Despite being aware that “polls aren’t reliable” – as he noted at the end of his report – Bowen nevertheless earlier promoted the notion that “Yitzhak Herzog of the new centre Left alliance Zionist Union has turned the polls around…”.
Soon after voting came to an end at 10 pm and the first exit poll results became available, Jeremy Bowen produced a report titled “Israel election: No clear winner, exit polls suggest“. Once again, his reliance on informal polls – coupled perhaps with over-confidence in his own understanding of the Israeli political system and Israelis – caused him to provide BBC audiences with inaccurate information.
“In a country where it’s possible to live very well, economic pressures became the most potent issue in the campaign. Never mind the pursuit of the high life: falling living standards for many Israelis took votes away from the prime minister.”
“Isaac Herzog, the leader of the Zionist Union alliance, did not let up on social and financial issues and led the polls through the last weeks of campaigning.”
“The Israeli people have not voted for any kind of radical change but they haven’t given Mr Netanyahu a resounding vote of confidence either.” [all emphasis added]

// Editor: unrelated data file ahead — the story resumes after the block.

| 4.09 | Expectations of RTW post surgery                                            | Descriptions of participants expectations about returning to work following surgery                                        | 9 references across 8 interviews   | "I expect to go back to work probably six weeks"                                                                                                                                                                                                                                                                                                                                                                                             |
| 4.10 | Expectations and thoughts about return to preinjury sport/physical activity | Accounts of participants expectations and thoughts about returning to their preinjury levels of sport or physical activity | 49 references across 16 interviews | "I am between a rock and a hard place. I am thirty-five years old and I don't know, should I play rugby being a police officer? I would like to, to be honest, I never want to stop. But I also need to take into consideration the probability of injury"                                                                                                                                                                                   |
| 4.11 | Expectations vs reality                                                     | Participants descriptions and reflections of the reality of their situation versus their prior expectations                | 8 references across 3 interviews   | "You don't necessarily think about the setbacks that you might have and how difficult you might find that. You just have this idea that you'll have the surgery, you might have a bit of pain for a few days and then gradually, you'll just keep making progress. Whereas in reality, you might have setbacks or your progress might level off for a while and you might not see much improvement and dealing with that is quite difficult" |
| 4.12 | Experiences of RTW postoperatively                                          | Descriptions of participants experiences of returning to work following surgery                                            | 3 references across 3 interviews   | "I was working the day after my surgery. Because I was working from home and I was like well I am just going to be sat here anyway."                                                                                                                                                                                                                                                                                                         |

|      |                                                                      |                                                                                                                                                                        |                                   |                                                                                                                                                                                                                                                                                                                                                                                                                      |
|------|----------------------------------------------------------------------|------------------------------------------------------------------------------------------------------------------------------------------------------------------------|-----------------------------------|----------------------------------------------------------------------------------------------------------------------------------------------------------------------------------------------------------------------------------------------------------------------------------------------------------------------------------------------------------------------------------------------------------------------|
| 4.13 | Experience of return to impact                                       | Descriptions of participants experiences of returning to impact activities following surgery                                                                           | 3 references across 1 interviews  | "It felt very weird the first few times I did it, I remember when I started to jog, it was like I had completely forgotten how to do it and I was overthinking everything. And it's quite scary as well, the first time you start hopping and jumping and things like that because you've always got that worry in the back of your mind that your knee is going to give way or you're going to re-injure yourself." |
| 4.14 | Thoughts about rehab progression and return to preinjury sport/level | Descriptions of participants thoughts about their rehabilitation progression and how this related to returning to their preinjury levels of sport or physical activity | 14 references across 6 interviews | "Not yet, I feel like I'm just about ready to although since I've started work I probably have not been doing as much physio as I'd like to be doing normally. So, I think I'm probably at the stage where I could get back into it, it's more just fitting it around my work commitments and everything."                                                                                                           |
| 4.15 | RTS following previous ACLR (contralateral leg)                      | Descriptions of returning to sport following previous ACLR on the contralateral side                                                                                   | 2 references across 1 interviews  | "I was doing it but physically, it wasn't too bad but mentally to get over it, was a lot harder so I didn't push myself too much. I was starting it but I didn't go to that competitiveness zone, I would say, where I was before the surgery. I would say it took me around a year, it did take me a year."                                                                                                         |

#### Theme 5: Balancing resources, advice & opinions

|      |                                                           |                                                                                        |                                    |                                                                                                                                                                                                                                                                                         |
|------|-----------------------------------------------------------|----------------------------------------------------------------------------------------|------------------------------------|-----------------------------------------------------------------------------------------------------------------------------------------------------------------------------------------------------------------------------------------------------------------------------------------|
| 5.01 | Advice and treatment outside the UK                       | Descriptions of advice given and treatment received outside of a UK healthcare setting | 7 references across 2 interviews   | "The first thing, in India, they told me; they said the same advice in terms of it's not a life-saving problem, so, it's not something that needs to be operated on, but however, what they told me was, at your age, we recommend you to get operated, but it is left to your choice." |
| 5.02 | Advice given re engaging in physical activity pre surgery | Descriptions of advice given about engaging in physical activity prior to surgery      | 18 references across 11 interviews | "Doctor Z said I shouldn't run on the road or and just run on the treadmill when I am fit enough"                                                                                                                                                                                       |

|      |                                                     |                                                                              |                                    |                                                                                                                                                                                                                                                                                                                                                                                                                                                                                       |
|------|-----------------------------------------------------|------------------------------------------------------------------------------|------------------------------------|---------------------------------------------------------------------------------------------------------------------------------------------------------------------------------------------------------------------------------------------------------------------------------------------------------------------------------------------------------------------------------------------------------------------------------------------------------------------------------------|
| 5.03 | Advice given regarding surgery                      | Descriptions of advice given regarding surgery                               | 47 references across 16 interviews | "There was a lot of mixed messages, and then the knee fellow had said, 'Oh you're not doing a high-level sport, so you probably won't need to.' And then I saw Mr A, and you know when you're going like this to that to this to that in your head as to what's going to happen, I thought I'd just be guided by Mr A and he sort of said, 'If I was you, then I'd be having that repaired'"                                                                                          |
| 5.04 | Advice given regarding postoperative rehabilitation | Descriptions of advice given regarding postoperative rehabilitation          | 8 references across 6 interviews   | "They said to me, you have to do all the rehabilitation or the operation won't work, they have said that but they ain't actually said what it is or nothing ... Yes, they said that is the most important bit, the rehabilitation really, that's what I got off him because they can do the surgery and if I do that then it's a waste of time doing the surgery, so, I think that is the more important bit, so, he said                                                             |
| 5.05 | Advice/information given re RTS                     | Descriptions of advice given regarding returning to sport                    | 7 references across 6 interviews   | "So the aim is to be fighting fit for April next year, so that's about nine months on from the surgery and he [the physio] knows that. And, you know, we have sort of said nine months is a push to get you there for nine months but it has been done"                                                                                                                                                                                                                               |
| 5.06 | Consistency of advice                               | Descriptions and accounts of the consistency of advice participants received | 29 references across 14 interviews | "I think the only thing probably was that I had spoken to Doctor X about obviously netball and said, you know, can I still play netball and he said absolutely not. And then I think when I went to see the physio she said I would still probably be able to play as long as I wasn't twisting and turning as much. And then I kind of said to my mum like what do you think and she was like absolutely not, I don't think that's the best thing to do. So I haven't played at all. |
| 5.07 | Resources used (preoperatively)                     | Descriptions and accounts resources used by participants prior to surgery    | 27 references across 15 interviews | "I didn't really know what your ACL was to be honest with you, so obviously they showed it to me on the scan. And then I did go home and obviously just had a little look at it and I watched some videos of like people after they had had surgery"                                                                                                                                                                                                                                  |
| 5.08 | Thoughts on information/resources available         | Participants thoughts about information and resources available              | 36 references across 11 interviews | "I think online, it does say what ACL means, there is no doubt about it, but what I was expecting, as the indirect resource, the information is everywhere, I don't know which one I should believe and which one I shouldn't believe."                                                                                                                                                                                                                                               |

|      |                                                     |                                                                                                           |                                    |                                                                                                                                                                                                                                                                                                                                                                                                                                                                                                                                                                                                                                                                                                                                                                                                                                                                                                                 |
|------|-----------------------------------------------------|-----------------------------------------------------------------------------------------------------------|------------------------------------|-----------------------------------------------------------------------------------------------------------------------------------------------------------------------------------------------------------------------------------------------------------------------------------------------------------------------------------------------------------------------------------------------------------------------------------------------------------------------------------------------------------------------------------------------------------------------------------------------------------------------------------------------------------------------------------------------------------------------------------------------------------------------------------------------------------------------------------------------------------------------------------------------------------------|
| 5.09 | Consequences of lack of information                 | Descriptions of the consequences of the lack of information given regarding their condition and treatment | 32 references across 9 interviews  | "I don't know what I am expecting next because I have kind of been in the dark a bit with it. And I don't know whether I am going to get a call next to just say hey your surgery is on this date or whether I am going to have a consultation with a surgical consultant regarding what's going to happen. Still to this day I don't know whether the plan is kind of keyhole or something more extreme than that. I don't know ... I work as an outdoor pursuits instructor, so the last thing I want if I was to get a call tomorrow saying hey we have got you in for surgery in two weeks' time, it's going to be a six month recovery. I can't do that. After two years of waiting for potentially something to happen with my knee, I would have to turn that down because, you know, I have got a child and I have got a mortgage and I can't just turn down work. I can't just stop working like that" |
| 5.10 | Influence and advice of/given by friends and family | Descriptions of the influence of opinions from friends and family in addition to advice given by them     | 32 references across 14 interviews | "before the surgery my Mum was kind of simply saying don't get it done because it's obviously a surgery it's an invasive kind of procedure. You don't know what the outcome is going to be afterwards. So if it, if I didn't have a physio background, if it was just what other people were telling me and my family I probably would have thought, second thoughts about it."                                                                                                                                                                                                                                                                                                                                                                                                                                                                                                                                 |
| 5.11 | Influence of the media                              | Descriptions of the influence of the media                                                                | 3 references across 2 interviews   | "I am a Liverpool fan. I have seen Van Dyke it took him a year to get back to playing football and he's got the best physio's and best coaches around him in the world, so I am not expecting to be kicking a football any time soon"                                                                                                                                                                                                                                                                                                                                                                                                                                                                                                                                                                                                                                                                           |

Part of Bowen’s report focused on the Joint Arab List and residents of Jerusalem, Acco, Jaffa, Ramla, Lod, Ma’alot-Tarshiha and elsewhere might have been surprised to hear that:
“One significant development came from Haifa in the north: about the closest Israel gets to a mixed city where its Jewish and Arab citizens can live in relative harmony.” [emphasis added]
Ayman Odeh […] heads the Joint List – an alliance of parties mainly representing the 20% or so of the Israeli citizens who are from Palestinian families who didn’t flee or get expelled when Israel was created in 1948. He told me this day would be historic as his party would push the Right Wing off into opposition. That might not happen. But the Joint List has shown that Israel’s Arab citizens are ready to flex some new political muscles, potentially providing crucial support for the centre Left.”
In fact, by the time Bowen made that declaration the Joint Arab List had already indicated ten days previously that it had no intention of supporting any shade of the Israeli Left when it refused to collaborate even with Meretz on a surplus vote sharing agreement.
“Last week, Herzog and Meretz leader Zehava Gal-On tried to broker a deal by which the Zionist Union would sign a vote-sharing agreement with Yesh Atid, and Meretz with the Joint List.
Herzog called all the heads of the Arab parties that make up the Joint List, but Balad leader Jamal Zehalka refused to pick up the phone.
Joint List head Ayman Odeh was in favor of signing the deal with Meretz, but Balad ruled it out because it did not want to cooperate with a Zionist party in any way. Zehalka even threatened to remove Balad from the Joint List, a threat that at this stage is not permitted by law.”
The Joint Arab List secured 13 places in the Knesset in this election (just two seats more than the combined number secured by its component parties running separately in the previous one) indicating that Bowen’s prophesy of “new political muscles” was – like much of the rest of his analysis – based more on his own ideas of how Israel should be than on objectively viewed reality.